Sarmisegetusa Regia  

Afterwards we continued on our journey to the main destination. On our way we passed Sibiu, the famous medieval town, travelled through Orastie, Orastioara de Sus, and finally the town of Costesti, where our guesthous

Sarmi Regia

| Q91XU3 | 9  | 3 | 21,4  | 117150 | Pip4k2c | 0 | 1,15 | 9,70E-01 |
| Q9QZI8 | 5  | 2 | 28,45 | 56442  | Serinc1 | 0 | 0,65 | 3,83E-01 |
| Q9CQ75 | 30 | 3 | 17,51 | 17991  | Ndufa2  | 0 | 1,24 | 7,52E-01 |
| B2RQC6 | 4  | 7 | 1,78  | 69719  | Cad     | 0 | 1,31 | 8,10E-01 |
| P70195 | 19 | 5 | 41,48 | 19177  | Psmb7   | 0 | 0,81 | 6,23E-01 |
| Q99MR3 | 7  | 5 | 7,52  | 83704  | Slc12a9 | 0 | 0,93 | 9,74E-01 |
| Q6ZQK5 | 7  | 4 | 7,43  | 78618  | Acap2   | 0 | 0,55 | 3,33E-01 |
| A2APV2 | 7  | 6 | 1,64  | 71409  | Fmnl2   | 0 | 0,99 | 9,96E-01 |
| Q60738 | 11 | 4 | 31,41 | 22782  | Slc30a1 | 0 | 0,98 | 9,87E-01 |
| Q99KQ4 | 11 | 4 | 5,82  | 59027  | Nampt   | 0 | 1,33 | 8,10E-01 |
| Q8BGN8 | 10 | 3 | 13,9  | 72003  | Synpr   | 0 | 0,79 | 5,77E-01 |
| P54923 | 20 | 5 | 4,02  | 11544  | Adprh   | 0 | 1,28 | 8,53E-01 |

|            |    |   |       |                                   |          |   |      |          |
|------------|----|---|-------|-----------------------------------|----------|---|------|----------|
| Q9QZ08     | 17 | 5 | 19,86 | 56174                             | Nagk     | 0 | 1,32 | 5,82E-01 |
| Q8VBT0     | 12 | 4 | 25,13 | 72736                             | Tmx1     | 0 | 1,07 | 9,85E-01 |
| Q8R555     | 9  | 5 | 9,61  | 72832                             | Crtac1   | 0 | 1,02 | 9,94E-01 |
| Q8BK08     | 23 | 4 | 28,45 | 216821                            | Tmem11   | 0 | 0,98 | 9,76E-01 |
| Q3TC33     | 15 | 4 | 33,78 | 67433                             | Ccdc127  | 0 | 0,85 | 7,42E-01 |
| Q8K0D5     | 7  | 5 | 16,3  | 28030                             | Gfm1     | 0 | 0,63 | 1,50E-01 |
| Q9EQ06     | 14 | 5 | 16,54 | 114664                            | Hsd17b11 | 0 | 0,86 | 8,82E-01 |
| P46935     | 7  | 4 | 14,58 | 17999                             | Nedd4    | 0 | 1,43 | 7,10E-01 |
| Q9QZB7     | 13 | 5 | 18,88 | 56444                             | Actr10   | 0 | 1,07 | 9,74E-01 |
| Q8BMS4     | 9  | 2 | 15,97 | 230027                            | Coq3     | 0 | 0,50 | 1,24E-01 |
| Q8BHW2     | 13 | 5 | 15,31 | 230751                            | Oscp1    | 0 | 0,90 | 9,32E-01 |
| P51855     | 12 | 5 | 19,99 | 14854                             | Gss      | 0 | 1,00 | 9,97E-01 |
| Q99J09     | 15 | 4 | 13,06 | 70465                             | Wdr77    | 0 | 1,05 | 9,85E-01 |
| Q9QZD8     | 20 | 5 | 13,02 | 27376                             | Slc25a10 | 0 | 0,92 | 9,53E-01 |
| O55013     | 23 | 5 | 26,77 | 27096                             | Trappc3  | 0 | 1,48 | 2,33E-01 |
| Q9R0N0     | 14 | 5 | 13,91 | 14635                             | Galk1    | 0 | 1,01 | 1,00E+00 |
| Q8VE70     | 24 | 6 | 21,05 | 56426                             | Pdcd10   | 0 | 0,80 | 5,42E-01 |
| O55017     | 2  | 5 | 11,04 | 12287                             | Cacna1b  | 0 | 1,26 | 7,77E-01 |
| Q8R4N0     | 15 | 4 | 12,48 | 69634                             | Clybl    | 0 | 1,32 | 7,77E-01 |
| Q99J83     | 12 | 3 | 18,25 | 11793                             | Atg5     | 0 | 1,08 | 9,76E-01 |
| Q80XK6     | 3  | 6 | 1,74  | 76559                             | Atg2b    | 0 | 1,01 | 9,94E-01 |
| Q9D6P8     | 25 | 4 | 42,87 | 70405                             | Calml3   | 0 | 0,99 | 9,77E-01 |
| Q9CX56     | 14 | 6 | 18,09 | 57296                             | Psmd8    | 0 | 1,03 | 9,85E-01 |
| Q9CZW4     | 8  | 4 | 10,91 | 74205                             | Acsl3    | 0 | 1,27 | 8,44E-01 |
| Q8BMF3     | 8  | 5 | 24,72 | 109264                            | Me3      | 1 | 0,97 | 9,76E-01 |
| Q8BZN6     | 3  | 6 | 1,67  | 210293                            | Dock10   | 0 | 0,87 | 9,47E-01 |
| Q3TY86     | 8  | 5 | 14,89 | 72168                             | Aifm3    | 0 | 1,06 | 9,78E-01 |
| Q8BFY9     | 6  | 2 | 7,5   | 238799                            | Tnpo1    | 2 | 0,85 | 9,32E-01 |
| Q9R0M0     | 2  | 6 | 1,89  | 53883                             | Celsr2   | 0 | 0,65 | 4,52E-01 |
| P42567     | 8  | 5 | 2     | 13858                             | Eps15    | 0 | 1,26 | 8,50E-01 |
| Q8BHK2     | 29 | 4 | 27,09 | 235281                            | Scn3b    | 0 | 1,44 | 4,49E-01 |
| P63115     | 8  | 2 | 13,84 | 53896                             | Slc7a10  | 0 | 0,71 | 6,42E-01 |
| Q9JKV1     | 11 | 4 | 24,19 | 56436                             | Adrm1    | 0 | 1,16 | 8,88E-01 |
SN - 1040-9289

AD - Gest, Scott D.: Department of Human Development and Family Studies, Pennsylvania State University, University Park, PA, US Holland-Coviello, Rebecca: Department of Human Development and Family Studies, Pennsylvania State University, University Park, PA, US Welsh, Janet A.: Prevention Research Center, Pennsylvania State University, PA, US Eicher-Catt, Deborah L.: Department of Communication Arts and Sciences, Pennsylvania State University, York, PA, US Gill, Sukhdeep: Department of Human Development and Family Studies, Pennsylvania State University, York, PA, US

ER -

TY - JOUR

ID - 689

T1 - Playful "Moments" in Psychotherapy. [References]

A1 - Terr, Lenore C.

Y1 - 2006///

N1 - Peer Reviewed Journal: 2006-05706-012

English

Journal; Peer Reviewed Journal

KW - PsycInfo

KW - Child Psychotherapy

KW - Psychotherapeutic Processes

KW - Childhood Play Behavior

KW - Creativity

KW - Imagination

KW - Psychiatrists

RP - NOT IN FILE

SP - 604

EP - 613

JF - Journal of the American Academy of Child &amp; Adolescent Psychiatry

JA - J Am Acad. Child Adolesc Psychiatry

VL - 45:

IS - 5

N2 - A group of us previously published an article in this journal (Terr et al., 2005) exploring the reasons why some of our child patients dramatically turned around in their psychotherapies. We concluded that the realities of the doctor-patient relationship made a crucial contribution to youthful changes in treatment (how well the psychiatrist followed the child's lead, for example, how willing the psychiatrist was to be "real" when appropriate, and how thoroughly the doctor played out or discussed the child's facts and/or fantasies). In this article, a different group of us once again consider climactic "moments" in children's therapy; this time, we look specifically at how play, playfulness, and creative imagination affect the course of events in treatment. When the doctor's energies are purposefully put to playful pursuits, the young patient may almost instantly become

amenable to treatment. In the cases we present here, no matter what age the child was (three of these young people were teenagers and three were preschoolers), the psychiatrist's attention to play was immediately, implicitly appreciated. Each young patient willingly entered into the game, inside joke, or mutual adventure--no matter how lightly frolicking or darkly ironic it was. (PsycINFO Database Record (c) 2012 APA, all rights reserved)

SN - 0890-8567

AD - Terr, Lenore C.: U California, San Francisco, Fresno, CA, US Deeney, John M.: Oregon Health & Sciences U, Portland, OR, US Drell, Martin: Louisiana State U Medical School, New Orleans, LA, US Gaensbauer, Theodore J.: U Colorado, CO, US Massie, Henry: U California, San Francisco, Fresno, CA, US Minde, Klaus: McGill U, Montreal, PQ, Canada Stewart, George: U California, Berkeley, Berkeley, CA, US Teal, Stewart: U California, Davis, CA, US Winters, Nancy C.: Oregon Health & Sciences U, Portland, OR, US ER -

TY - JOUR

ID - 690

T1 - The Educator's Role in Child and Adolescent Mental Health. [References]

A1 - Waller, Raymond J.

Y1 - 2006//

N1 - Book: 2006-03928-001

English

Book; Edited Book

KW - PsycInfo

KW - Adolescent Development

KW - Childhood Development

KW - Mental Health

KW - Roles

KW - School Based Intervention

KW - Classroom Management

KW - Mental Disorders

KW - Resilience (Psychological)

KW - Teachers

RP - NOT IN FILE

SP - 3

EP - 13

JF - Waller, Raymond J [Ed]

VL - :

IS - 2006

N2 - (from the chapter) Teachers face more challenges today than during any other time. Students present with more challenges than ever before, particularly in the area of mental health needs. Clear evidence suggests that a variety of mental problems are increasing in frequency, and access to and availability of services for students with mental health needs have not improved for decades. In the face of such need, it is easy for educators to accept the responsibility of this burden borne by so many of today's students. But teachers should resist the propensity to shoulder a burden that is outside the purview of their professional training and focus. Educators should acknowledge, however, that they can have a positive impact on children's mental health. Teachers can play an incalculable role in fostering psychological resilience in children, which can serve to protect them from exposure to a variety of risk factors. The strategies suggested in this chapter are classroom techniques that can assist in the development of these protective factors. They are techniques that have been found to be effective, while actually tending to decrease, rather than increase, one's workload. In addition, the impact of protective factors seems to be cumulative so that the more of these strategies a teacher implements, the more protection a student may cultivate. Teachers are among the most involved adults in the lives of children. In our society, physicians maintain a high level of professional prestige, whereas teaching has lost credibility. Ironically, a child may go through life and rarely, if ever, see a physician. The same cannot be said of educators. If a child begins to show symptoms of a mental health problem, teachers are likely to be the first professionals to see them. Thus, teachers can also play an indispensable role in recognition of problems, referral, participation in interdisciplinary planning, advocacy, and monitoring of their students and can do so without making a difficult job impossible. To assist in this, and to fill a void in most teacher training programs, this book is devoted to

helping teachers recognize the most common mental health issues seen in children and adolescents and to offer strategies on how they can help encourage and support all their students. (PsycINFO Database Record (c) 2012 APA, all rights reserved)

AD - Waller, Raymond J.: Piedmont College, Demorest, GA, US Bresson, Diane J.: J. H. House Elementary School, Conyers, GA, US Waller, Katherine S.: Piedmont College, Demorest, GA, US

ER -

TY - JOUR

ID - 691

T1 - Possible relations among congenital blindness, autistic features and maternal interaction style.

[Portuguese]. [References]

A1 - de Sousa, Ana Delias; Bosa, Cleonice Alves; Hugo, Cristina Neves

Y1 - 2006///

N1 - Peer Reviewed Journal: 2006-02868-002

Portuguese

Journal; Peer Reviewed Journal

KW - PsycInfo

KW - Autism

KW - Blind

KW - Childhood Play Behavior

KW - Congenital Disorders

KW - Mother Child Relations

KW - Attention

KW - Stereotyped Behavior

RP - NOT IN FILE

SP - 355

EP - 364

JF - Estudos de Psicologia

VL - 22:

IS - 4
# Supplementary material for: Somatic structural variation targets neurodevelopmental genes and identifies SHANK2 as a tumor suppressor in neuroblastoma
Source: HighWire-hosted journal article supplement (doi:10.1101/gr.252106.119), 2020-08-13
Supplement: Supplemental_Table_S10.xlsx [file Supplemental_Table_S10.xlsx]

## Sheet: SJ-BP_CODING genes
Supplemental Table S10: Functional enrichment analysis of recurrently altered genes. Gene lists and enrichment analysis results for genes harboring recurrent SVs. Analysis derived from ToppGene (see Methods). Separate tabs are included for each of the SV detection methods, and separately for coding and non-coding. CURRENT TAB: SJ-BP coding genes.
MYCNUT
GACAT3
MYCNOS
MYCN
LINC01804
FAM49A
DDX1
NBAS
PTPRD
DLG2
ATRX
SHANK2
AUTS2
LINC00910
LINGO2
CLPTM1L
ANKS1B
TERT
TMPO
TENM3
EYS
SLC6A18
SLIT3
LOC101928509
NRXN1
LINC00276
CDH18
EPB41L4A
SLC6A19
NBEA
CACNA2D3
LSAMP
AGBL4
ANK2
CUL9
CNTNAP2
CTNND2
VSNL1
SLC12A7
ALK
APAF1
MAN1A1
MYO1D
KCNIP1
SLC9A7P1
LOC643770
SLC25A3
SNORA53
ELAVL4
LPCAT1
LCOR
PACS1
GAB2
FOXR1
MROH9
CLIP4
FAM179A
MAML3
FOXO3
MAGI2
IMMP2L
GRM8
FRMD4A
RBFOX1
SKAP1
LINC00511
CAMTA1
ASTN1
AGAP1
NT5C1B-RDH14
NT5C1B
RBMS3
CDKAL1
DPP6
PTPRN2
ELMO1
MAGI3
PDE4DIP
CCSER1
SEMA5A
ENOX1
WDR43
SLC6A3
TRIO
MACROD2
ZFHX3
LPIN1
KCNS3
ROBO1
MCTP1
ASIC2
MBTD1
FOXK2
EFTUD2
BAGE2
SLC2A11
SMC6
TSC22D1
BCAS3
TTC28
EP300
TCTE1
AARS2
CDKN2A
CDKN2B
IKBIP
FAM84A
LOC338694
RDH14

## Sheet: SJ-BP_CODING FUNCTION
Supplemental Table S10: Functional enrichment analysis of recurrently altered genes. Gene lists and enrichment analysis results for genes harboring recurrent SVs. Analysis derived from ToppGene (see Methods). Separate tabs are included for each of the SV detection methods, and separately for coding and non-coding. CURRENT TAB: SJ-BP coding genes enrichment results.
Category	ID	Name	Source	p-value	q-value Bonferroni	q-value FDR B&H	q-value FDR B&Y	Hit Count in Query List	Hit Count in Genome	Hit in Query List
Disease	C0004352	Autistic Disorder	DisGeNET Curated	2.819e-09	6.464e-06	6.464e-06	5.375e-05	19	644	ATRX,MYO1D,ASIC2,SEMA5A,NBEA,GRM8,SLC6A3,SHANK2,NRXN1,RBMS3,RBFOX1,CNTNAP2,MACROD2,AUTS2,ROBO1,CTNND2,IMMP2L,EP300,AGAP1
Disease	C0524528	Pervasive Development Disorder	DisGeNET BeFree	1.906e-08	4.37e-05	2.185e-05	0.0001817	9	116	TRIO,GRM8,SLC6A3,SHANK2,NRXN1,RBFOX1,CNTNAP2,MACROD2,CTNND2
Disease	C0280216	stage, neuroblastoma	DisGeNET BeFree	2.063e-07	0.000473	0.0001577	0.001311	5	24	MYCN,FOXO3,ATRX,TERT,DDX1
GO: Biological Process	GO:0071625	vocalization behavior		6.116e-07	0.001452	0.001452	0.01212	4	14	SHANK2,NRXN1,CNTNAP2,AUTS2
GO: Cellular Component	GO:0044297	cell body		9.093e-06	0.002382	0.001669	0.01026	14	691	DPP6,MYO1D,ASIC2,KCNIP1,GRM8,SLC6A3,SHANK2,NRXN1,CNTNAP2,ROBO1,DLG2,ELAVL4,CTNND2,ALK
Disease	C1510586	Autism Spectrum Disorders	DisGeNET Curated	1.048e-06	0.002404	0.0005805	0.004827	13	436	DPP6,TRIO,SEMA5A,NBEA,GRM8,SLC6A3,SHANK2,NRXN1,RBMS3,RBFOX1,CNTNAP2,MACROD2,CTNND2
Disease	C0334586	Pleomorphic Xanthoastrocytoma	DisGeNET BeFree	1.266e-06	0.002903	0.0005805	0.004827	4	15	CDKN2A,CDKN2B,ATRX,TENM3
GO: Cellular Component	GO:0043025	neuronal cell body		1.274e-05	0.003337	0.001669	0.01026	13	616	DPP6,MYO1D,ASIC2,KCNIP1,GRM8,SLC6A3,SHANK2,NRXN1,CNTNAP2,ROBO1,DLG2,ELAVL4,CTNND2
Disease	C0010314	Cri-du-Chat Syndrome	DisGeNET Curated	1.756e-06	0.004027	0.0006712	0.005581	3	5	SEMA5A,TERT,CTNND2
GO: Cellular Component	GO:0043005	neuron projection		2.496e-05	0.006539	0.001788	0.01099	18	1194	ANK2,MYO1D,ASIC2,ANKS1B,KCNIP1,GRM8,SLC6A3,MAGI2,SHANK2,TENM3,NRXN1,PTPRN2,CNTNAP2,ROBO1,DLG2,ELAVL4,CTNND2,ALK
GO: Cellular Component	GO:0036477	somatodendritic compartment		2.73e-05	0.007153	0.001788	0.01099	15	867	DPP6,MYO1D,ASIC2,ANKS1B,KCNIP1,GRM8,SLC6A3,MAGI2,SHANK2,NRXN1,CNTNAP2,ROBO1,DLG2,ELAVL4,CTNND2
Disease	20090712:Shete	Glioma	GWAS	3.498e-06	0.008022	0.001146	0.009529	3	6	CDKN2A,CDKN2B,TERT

e was located. There was a nice place there with people selling food and souvenirs, including traditional Dacian pie made with cheese, a delicacy still preserved to this day. We arrived there about 1 pm, and the fortress closes at 20:00, so we had plenty of time to have a look at it. Finding a parking place was a bit tricky at first, but we found a good one, and then only had to hike about 10 minutes uphill. I believe the Dacians found a very good place to “hide” their fortress, surrounded by forests, between the hills. It is not so obviously accessible. The site is still being thoroughly discovered. Unfortunately, much of it was destroyed at the time of the Roman occupation of the area, which lasted 200 years. Regia was the last Dacian capital dating back to the second century. After its destruction, the Romans built their own capital, known as Ulpia Traiana. Not wanting to admit defeat and be taken captive by the Romans, King Decebal fled to the mountains where he committed suicide. As you enter the area, you approach a Dacian paved road on the left, quite well preserved (the rest of the stones have been reconstructed). This road supposedly led to a sacred place downhill to the right, where there are now three temples standing. The area is composed of a civilian settlement on the slope, a fortress situated at the highest level, and a sacred area with three temples. The structures were built out of blocks, plinths, drums, made of limestone andesite and wooden columns, lost to time. I won’t get into too much detail, you have to go there yourself to see and to read about it, but the Main temple and the Solar Disc temple warrant detail. The Main temple is cone-shaped and stands in the center of the Sacred Area, which is now partly reconstructed by archaeologists. It is believed to have been built in honor of the greatest deity of the Dacians-Zamolxis. The Solar Disc temple was where sacrificial rituals were performed, the blood draining into surrounding ducts. It is believed that this temple was also used for something related to astronomy.